The word “franchise” comes from a medieval French term “francis” which meant to grant rights or privileges to peasants. In the Middle Ages, a local lord would give others the right to hunt, hold markets and fairs, or engage in other activities on his land. These were the earliest franchise relationships and gradually evolved through the common law.
Modern franchising as we know it today was developed by German beer brewmeisters and the Singer Sewing Machine Company in the mid-1800s. Isaac Singer negotiated licensing fees from independent salesmen for the right to sell Singer Sewing Machines in a defined territory. By the Great Depression, franchising was starting to gain momentum with the beginnings of the A & W Root Beer and Dairy Queen franchise systems.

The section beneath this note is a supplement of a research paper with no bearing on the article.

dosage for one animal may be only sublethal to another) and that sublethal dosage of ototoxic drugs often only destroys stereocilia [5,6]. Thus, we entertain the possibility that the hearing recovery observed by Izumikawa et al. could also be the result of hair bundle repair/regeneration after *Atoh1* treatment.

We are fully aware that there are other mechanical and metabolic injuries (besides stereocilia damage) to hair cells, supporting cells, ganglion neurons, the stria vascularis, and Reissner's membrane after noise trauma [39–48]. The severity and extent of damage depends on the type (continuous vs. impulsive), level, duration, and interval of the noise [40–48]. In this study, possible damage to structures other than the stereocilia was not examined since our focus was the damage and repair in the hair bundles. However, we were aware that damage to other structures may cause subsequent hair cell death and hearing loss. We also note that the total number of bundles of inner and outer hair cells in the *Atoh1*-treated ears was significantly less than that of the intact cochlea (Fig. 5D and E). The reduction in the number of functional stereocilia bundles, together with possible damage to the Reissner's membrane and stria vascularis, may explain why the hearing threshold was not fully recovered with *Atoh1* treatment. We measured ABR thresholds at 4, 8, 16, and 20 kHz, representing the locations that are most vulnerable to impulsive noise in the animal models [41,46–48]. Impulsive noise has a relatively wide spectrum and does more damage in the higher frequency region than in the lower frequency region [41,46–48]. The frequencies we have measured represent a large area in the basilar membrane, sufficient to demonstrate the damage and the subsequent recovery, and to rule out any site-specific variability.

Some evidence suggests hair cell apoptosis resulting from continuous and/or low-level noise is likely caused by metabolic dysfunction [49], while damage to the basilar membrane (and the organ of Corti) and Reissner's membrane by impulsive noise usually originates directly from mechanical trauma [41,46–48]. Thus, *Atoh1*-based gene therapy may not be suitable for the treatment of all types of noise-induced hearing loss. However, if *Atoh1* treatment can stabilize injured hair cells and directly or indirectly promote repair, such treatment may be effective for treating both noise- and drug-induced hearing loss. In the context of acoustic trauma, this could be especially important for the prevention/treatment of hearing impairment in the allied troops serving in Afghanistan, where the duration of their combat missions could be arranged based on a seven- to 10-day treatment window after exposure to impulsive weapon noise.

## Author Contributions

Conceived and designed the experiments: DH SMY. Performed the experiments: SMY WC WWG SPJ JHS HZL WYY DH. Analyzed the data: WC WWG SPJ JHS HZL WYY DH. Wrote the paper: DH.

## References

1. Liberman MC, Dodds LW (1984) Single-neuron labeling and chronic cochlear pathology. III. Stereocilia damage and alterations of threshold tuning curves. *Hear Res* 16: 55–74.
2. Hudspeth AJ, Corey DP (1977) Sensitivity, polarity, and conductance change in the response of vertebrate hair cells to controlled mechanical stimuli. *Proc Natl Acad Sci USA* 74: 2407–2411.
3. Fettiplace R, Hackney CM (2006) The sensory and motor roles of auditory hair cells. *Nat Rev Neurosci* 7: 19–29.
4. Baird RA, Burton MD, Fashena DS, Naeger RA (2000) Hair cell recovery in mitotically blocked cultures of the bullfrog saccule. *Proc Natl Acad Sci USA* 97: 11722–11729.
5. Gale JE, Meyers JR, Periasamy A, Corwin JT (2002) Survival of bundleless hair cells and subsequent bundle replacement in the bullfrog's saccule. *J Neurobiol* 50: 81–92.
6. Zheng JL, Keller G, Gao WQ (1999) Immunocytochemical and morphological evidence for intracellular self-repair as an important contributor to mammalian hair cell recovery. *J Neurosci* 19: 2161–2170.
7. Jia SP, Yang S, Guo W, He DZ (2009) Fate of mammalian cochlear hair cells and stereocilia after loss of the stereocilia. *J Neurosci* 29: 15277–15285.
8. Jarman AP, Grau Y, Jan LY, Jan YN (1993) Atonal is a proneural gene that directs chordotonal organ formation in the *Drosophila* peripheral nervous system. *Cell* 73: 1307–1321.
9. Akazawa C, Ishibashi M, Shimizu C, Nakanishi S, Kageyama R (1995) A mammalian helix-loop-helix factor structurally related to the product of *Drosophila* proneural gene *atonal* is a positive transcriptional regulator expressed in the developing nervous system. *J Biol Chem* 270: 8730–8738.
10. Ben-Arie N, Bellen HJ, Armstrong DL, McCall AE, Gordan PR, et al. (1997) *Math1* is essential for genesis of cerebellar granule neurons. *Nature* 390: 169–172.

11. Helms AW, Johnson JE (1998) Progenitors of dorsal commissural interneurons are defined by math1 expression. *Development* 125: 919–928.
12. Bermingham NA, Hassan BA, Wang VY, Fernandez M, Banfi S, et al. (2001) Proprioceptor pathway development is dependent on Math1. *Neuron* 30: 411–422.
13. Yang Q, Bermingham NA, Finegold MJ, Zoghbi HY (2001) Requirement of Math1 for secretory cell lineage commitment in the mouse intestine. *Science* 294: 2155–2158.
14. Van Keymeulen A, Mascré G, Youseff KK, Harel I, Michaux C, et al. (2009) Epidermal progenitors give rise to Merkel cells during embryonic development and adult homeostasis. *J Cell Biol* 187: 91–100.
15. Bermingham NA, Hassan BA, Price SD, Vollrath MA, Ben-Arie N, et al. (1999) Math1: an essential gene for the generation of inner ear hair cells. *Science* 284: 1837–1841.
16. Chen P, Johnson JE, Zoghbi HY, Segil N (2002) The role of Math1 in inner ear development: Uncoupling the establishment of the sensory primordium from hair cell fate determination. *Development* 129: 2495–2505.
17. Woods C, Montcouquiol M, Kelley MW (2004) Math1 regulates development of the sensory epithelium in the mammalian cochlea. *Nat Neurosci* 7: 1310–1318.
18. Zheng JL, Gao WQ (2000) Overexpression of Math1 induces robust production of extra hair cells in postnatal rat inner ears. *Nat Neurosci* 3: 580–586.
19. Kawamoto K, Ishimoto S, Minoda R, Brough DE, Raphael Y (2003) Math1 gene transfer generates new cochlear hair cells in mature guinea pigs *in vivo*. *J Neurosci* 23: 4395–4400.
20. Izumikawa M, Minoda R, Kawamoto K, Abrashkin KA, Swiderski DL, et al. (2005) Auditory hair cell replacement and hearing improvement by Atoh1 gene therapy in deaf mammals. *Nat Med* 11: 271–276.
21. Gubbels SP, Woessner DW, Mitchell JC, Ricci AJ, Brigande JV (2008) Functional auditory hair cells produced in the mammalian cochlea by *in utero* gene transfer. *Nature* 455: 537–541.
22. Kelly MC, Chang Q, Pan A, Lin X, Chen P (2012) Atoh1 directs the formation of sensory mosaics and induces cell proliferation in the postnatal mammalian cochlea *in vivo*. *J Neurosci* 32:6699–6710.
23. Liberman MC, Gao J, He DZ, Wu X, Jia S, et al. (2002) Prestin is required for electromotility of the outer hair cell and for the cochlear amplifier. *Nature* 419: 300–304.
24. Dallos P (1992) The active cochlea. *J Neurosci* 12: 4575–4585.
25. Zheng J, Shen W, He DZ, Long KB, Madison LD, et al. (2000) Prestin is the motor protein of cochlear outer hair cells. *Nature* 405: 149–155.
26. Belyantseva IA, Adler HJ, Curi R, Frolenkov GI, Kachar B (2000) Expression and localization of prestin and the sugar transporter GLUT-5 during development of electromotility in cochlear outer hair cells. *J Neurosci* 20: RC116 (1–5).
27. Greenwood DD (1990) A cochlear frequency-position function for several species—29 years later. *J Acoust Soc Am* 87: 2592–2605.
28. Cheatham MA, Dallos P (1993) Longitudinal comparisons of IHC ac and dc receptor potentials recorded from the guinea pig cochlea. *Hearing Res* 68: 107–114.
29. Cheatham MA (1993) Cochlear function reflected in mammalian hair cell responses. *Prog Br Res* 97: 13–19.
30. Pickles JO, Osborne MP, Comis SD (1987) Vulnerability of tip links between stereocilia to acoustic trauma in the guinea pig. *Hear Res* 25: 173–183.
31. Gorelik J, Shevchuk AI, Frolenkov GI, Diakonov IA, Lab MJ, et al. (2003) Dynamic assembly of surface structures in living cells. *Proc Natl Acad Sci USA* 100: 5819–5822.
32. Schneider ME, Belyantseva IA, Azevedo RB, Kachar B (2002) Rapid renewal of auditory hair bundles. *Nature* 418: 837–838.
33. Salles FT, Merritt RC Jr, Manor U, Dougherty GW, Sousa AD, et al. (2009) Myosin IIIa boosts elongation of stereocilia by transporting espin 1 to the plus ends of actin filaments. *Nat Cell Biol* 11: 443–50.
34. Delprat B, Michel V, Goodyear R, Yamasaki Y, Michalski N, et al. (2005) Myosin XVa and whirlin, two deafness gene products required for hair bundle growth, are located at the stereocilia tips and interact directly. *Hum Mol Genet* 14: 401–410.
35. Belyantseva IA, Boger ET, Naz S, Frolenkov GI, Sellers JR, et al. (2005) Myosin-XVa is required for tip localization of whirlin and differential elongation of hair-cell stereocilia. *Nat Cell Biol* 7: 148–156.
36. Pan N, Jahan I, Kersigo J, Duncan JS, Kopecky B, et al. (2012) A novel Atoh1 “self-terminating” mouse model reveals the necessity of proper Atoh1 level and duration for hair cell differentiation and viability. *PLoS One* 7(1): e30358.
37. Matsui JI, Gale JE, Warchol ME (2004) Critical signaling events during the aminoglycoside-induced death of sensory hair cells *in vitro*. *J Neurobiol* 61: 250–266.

The golden age of franchising really started to take off in the years following World War II and has continued through today. There are several socioeconomic factors that help explain this growth, but that is beyond the scope of this outline. Suffice it to say that society’s increased mobility and desire for predictability and uniformity have fueled the explosive growth of franchising in the U. S.
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